On the Origin of Species Summary

Instructor: Nate Sullivan

Nate Sullivan holds a M.A. in History and a M.Ed. He is an adjunct history professor, middle school history teacher, and freelance writer.

In this lesson we'll learn about Charles Darwin's influential book 'On the Origin of Species.' We'll examine the historical context surrounding the book and summarize Darwin's central points. We'll understand how and why this book has impacted society.

A Controversial Book Then and Now

The topic of evolutionary biology continues to be controversial as not everybody accepts the view that human beings evolved from lower biological forms over time. Perhaps you've been in a class or listened to a discussion where debate has erupted over Charles Darwin and his model of evolution.

Even in his own time, Darwin was no stranger to controversy. When he published On the Origin of Species in 1859 it created waves in the scientific community, the religious community, and within society at large. This ground-breaking book was applauded by some and condemned by others. It was (and in some respects still is) controversial.

The title page of the first edition of On the Origin of Species.

So what exactly was On the Origin of Species? The official name of this book is On the Origin of Species by Means of Natural Selection, or the Preservation of Favoured Races in the Struggle for Life. But whew, that is a mouthful so usually it's just called On the Origin of Species, or even just Origin of Species.

Charles Darwin was a British naturalist (scientist) who published the book in 1859, just over a year before the American Civil War broke out in the United States. The book set forth the foundations for modern evolutionary biology. Darwin asserted that plant and animal life evolved from previous forms through a process called natural selection.

Darwin is known for having conducted his observation and research in the Galápagos Islands, off the coast of South America. These islands teemed with all kinds of exotic plant and animal life. In addition to the Galápagos Islands, Darwin traveled all over the world conducting observations aboard the HMS Beagle, during which time he formulated his evolutionary model.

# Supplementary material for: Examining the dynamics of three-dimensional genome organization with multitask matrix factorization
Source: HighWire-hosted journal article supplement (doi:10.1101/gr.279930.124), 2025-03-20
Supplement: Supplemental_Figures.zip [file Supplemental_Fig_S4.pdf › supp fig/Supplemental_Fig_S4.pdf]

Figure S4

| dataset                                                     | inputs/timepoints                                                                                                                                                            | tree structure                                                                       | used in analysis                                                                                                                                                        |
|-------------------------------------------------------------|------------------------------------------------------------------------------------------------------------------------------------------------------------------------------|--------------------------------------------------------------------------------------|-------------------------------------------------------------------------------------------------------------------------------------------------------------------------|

Charles Darwin in 1854.

Historical Context and On the Origin of Species

During the Enlightenment (18th century) a ''natural'' or ''scientific'' view of the universe became commonplace, weakening centuries of religious authority and dogma. Nevertheless, in the West it was still generally accepted that the God of Christianity had directly created the universe.

This view, called special creation, asserted that God created the universe out of nothing by divine decree, as recorded in the book of Genesis. Many leading scientists of the 18th and 19th century accepted this view, even as they were increasingly understanding the universe from a physical, material perspective.

In 1859, Darwin's On the Origin of Species definitely shook things up! In a time when special creation was widely accepted, Darwin's book was initially greeted with intense hostility. The religious community considered it blasphemy, and even many in the scientific community remained skeptical. However, within a few decades, his evolutionary model had become widely accepted within the scientific community.

Not everyone agreed with Darwin, especially early on. This image was designed to mock Darwin and his idea of evolution.

The story behind Darwin's book is interesting. In 1855 another naturalist named Alfred Russel Wallace published an essay proposing that new species came into existence at about the same time other species were becoming extinct. A friend alerted Darwin that Wallace was on the verge of major scientific breakthrough, and encouraged Darwin to more or less beat Wallace to it. Darwin and Wallace actually presented their research in a joint paper, but after Darwin's research was published in 1859, he became the figure commonly associated with evolutionary biology.

Main Ideas of the On the Origin of Species

In this book, Darwin argues that evolution takes place through a process called natural selection. Natural selection is the process by which organisms better suited for adaption to their environment survive, while those that are poorly suited to their environment do not. Basically it is nature ''selecting'' which organisms thrive and which do not. This process, Darwin asserted, was a driving force in evolution. This process is also commonly referred to as ''survival of the fittest''. This term, however, was actually coined by Herbert Spencer, another prominent scientist.

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